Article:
"But all I can say now is that it was a spectacle to freeze the blood. Poor Almia could scarcely retain consciousness as she gazed upon the awful scenes of woe and suffering which spread out beneath her. And she could do nothing! Her labors would be useful only in cases of isolated woundings. If she were to mingle in the fray she would perish in the general slaughter; and if she were to go and offer assistance in the hospitals she would find herself but as a drop in the bucket, her efforts unrecognized, even if she were not driven away as an interloper. Besides, she did not know where the hospitals were.

"As she gazed upon this scene of horror she perceived an officer, mounted upon a noble charger and followed by several horsemen, take a position upon a hillock not far from the spot where she and her companions were concealed. From this point of vantage the officer, who was evidently a general, could perceive the whole battle-field."

"And get himself picked off by a sharp-shooter," thought John Gayther, but he did not interrupt.

"The brown-haired soldier trembled with emotion, and whispered to Almia, 'That is my Commander-in-Chief.' Even without this information Almia would have known that the stalwart figure upon the pawing steed was an officer in high command; for, after speaking a few words to one of his companions, the latter galloped away into the valley toward the right, and very soon the battle raged more fiercely in that direction, and the booming of the cannon and the cracking of the rifles was more continuous. Then another officer was sent galloping to the left, and in this direction, too, the battle grew fiercer and the carnage increased. Courier after courier was sent away, here and there, until, at last, the commander remained with but one faithful adherent. Since his arrival upon the hillock the horrors of the bloody contest had doubled, and Almia could scarcely endure to look into the valley.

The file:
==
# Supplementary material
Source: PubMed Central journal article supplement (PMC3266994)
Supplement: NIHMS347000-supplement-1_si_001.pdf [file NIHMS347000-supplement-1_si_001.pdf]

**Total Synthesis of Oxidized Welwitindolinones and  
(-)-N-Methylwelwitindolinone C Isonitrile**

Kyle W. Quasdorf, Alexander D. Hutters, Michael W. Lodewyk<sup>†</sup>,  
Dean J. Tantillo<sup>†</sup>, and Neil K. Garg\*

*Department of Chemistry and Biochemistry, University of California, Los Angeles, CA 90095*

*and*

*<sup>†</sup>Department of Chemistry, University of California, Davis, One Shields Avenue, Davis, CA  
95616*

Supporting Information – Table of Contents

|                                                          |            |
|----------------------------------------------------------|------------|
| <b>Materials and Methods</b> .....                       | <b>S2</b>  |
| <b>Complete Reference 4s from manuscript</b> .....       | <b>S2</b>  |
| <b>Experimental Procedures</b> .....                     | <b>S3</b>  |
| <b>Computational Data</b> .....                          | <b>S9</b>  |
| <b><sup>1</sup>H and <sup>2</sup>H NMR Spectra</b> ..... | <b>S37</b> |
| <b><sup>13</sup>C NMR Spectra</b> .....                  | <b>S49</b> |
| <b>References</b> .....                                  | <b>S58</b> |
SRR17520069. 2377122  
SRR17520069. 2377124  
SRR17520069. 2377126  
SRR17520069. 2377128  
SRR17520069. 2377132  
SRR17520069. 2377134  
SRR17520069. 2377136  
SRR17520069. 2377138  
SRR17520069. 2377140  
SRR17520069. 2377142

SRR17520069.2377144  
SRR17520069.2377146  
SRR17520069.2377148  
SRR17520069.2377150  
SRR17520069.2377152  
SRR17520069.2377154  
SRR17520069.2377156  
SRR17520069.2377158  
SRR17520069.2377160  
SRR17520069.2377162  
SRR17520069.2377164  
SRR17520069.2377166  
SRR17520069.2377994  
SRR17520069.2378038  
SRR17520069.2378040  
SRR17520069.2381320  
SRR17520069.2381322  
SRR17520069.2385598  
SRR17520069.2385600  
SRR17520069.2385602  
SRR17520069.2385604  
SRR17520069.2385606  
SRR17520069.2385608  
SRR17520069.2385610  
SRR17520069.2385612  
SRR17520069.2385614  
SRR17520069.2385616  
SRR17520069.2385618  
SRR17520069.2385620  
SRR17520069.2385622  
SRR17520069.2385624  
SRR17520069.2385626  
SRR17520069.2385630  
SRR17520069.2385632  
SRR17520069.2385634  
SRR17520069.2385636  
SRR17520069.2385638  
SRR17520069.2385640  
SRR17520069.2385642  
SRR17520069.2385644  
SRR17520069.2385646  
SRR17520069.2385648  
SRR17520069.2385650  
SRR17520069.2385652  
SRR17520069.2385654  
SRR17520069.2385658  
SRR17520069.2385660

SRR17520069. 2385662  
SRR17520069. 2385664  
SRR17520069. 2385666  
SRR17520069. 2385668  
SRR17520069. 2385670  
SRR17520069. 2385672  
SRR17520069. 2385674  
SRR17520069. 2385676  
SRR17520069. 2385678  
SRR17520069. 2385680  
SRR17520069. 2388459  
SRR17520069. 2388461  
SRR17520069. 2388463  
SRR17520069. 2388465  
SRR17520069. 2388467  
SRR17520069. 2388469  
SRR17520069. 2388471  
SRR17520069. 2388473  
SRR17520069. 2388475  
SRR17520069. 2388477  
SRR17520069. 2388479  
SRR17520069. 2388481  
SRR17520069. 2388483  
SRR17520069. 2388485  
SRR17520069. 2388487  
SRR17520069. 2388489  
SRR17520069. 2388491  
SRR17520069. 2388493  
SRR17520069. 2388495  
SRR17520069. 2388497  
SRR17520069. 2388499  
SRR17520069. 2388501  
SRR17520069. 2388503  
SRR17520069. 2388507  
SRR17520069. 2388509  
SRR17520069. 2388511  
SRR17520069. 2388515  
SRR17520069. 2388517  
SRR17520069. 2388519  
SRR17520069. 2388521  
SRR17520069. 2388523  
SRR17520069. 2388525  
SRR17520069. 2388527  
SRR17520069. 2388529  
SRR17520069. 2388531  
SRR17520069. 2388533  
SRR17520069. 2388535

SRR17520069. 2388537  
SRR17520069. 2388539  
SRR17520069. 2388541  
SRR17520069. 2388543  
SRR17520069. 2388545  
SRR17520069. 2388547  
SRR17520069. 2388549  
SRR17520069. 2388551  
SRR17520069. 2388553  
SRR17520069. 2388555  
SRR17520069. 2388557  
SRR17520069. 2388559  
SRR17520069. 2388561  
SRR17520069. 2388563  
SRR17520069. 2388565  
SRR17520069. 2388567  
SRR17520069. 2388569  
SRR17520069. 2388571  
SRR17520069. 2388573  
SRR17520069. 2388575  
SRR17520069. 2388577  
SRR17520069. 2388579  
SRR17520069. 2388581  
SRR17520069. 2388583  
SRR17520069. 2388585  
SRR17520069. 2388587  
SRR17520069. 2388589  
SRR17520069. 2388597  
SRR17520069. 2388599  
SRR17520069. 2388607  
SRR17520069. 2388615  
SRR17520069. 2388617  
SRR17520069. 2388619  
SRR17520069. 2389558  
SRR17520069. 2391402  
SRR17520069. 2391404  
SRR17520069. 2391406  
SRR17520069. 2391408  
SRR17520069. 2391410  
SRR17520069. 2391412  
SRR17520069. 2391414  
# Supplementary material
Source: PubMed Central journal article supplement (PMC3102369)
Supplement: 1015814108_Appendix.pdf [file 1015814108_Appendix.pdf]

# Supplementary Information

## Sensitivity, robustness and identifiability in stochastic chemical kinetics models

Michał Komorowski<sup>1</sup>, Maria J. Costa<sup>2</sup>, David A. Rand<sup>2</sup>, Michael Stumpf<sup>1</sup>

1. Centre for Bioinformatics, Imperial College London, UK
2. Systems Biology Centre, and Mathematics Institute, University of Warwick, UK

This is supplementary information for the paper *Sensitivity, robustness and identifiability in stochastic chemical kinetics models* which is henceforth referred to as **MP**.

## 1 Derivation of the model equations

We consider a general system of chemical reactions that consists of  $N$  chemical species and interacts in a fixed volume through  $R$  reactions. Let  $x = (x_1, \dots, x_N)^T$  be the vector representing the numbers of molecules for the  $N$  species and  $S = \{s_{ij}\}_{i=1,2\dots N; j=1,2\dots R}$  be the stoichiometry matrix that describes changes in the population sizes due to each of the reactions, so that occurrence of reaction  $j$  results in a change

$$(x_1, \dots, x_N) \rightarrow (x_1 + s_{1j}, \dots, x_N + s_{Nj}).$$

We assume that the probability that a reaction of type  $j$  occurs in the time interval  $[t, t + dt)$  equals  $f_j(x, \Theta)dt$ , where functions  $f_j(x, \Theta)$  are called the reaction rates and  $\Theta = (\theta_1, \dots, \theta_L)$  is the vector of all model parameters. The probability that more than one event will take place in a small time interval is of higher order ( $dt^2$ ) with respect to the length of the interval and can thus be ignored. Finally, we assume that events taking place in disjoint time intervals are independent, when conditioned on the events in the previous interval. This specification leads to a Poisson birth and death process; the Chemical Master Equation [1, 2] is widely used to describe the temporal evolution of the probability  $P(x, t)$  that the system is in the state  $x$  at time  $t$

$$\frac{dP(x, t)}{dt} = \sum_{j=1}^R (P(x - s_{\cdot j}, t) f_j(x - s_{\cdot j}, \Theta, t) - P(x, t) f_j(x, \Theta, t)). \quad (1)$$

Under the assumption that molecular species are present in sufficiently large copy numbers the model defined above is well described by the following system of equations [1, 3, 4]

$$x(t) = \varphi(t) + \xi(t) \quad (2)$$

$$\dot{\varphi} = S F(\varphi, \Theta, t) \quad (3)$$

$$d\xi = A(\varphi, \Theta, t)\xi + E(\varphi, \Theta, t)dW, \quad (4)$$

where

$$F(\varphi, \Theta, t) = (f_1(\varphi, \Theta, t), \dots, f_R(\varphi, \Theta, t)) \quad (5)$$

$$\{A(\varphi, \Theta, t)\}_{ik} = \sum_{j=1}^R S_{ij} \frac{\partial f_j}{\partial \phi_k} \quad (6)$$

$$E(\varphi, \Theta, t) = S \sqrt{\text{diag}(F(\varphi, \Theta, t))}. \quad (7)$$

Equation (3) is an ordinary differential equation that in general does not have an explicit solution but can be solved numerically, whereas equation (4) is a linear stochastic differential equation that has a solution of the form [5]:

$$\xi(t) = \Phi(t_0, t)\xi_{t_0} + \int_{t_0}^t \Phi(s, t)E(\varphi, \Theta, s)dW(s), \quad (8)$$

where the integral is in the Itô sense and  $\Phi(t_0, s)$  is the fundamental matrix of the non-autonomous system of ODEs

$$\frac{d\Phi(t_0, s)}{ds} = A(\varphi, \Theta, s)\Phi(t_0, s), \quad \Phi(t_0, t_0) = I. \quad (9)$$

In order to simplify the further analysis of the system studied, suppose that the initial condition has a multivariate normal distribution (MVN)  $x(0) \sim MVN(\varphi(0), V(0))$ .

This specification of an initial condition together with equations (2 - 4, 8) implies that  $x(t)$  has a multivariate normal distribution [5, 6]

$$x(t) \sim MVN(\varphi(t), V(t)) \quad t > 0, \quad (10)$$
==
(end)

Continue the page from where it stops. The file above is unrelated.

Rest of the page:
"'Is there no way,' she said in a gasping whisper, 'of stopping this? These two armies are like hordes of demons! Humanity should not permit it!'

"'Humanity has nothing to do with it,' said the Exceptional Pedestrian. 'A declaration of war eliminates humanity as a social factor. Such is the usage of nations.'

"'I don't care for the usage of nations,' said Almia. 'It is vile!'

"Now something very important happened in the battle-field. The Commander-in-Chief rose in his stirrups and peered afar. Then, suddenly turning, he sent his only remaining follower with clattering hoofs to carry a message. 'He is making it worse!' declared Almia. 'Now more brave men will fall; more blood will flow.'

"'Of course,' said the Exceptional Pedestrian. 'He gives no thought to the falling of brave men or the flowing of blood. Upon his commands depends the fate of the battle!'

"'And without his commands?' asked Almia, trembling in every fibre.

"The Exceptional Pedestrian shrugged his shoulders and slightly smiled. 'Without them,' he said, 'there would soon be an end to the battle. He is the soul, the directing spirit, of his army. Unless he directs, the contest cannot be carried on.'

"Almia sprang to her feet, not caring whether she was seen or not. She looked over the battle-field, and her heart was sick within her. Not only did she see the carnage which desecrated the beautiful plain, but she saw, far, far away, the mothers and sisters of those who were dead, dying, and wounded; she saw the whiteness of their faces when their feverish eyes should scan the list of dead and wounded; she saw them groan and fall senseless when they read the names of loved ones. She could bear no more.

"Suddenly she turned. 'Gentlemen,' she said, 'follow me.' And without another word she stepped out into the open field and walked rapidly toward the Commander-in-Chief, whose eyes were fixed so steadfastly on the battle that he did not notice her approach. The three soldiers gazed at her in amazement, and then they followed her. They could not understand her mad action, but they could not desert her.